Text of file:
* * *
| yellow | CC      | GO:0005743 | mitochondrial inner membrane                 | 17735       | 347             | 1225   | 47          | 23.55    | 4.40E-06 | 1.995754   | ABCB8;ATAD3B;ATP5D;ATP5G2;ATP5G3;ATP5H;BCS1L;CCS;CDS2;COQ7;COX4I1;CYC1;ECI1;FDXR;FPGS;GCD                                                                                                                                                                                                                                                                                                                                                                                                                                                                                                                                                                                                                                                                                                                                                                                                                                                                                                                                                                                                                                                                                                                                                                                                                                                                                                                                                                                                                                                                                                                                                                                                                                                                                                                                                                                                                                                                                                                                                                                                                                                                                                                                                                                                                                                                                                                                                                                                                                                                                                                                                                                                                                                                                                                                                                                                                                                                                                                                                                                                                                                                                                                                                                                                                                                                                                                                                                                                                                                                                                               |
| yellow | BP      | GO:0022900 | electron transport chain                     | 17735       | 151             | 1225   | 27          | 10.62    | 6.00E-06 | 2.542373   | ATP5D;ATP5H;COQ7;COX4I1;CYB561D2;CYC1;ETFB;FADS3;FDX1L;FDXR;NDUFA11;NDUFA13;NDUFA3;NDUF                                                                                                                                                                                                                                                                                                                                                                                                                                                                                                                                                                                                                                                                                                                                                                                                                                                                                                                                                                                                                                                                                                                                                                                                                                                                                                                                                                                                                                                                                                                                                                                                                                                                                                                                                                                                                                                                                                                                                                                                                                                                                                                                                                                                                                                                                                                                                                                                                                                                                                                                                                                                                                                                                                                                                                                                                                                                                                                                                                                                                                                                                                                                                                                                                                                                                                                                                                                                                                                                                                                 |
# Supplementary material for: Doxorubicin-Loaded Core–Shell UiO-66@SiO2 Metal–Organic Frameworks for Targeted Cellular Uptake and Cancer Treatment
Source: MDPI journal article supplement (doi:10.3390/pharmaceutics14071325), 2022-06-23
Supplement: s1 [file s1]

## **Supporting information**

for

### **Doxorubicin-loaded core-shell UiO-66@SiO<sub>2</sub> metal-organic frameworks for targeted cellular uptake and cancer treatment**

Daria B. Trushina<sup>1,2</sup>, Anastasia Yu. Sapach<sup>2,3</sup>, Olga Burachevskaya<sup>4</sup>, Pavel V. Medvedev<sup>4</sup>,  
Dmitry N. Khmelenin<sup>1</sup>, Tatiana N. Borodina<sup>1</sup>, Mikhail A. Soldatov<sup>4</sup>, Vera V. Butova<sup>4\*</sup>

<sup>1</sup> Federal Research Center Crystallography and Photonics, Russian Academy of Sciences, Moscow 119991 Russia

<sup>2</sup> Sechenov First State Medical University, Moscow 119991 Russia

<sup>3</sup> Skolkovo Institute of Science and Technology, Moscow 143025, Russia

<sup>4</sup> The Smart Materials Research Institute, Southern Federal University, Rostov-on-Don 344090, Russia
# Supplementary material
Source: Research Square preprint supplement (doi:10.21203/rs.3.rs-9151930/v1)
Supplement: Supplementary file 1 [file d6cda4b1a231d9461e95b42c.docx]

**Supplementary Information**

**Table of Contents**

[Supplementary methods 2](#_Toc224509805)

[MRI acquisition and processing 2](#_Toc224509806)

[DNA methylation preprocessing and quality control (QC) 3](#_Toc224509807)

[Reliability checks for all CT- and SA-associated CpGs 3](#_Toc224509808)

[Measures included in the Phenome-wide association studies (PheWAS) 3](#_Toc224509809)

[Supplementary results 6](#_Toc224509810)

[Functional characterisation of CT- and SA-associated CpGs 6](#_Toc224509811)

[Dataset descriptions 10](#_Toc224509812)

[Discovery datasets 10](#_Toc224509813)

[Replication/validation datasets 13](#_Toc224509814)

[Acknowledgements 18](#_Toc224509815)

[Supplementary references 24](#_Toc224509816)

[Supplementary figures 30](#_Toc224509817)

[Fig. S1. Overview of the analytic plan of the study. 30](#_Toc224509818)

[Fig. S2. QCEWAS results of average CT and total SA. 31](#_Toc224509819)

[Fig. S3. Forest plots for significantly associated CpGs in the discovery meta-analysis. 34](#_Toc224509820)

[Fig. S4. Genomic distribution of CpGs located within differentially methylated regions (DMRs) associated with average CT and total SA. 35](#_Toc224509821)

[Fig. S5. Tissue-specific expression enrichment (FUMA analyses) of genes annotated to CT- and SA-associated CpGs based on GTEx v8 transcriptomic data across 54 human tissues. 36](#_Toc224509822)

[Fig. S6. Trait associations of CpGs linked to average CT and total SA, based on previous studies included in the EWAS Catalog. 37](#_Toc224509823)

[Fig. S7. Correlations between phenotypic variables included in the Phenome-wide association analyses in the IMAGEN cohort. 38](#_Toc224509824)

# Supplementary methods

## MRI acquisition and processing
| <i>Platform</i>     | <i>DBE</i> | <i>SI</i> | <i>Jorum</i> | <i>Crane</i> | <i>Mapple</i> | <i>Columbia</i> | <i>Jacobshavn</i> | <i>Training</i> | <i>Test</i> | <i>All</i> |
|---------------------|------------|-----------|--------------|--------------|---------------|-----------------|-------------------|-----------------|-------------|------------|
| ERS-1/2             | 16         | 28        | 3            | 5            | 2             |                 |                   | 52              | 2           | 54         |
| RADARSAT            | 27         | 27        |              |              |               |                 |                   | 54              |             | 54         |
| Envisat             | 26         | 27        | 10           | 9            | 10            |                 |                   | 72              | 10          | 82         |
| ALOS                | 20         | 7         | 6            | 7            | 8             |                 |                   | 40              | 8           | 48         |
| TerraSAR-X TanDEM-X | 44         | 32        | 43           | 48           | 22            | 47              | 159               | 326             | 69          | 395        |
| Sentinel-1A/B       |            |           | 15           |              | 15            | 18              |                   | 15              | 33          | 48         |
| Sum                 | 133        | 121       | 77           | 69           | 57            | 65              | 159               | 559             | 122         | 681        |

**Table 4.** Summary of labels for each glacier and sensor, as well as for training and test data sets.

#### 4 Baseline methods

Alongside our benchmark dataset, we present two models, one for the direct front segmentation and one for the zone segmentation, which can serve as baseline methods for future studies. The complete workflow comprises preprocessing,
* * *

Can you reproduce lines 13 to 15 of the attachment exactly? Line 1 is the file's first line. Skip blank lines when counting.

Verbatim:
<sup>3</sup> Skolkovo Institute of Science and Technology, Moscow 143025, Russia

<sup>4</sup> The Smart Materials Research Institute, Southern Federal University, Rostov-on-Don 344090, Russia
# Supplementary material